Two Mexican activists infiltrated the Weltmuseum in Vienna last week, swapping its audio guides for their own hacked versions to protest the history and ownership of the headdress of Moctezuma.
In the modified audioguide, Xokonoschtletl Gómora, a descendant of the Aztecs who has repeatedly called for the crown to be returned to Mexico, describes the artefact’s arrival in Vienna as “a consequence of the European looting of the historical heritage that is exhibited in various museums on that continent such as Austria, France, Spain, England and Germany”.
He adds that “Kopilli Ketzalli [the Aztec name for the headdress] is a precious royal crown, not a plume. It means spiritual power. It is like the Pope’s miter […] The history written by Hernán Cortés speaks of an emperor who prostrated himself at his feet, but the truth is that it was an invasion that exterminated an entire civilization”.
Sebastián Arrechedera, a documentary maker, and Yosu Arangüena, a publicist, managed to sneak their audioguides into the Viennese museum by swapping headsets in the toilets over a period of a few days. Admission to the museum is free for Mexicans as a “courtesy”.
Arangüena tells El Confidencial newspaper: “Since we couldn't steal the audio guides, because that's where we would get into a problem with the police, we brought our own audio guides. We bought them and we have ‘given’ them to the museum.”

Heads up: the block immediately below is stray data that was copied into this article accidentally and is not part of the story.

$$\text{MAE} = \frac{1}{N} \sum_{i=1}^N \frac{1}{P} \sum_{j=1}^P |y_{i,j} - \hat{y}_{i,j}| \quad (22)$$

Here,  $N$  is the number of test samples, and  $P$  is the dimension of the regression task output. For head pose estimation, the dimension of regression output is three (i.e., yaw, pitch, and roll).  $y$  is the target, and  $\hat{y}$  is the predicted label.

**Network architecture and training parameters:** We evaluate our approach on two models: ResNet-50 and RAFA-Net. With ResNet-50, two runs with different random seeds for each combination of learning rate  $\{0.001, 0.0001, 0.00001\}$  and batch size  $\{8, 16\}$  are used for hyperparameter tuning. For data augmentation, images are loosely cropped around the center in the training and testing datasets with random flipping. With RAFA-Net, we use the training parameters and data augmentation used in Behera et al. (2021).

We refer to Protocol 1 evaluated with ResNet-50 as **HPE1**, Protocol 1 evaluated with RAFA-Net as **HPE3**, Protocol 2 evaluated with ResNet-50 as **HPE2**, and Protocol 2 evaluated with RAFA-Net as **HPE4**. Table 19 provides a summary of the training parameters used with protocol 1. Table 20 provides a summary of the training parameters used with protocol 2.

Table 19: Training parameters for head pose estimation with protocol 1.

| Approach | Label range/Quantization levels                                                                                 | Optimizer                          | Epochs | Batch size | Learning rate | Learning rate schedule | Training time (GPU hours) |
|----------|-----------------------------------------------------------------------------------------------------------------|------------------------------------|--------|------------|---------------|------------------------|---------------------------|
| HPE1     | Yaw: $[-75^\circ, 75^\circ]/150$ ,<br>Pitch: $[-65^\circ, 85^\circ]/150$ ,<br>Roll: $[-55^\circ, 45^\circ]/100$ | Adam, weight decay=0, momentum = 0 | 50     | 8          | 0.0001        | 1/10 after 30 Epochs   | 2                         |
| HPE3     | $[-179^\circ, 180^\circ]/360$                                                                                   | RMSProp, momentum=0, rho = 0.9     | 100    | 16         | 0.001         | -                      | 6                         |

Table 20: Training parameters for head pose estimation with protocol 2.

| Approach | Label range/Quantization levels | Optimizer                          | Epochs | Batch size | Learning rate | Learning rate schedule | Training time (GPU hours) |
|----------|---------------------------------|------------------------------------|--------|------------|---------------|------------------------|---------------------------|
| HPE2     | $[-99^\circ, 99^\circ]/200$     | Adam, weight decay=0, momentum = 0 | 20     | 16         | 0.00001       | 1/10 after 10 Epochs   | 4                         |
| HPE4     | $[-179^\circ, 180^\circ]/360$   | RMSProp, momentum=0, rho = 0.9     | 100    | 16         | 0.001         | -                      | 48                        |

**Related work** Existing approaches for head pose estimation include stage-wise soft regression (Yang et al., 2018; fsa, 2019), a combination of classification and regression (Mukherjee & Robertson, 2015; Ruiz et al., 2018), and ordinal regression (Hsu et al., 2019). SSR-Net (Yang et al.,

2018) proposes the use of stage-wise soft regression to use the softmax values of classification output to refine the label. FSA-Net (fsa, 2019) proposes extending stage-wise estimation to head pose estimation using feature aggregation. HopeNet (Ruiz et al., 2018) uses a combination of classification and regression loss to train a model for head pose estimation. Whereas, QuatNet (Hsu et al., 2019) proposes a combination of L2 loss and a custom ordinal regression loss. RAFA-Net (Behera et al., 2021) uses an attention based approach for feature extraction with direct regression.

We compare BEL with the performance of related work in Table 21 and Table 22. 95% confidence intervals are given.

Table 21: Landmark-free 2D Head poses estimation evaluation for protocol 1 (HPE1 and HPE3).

Requests to return the crown, said to have been worn by the Emperor Moctezuma, have so far been turned down over claims that the delicate piece would not withstand the vibrations of the transfer of the trip and would be destroyed.
A spokeswoman for the Weltmuseum says: “The Instituto Nacional de Antropología e Historia in Mexico, together with the Weltmuseum Wien, has conducted rigorous research into the conservation status and history of the headdress. One of the main results of this Mexican-Austrian research is that the object cannot be moved, as transporting it would cause massive damage. We are keeping up with the latest technological developments. But at this time, technology does not offer a way to transport the feather headdress.”
However, Gómora’s recording concludes with him saying that “we do not believe in the version, nor in the supposed truths and facts of so many years”.
How the ancient relic made its way thousands of miles to mainland Europe is still unclear. Many historians assume that it was a gift from Moctezuma himself to the Spanish conqueror Hernan Cortes, who later sent it to Emperor Charles I of the Habsburg House.
The Weltmuseum spokeswoman says it welcomes “the artistic intervention” as an “interesting contribution to the current discussion about postcolonial heritage in ethnographic museums”, adding that there is “no request for the return of the headdress to Mexico”.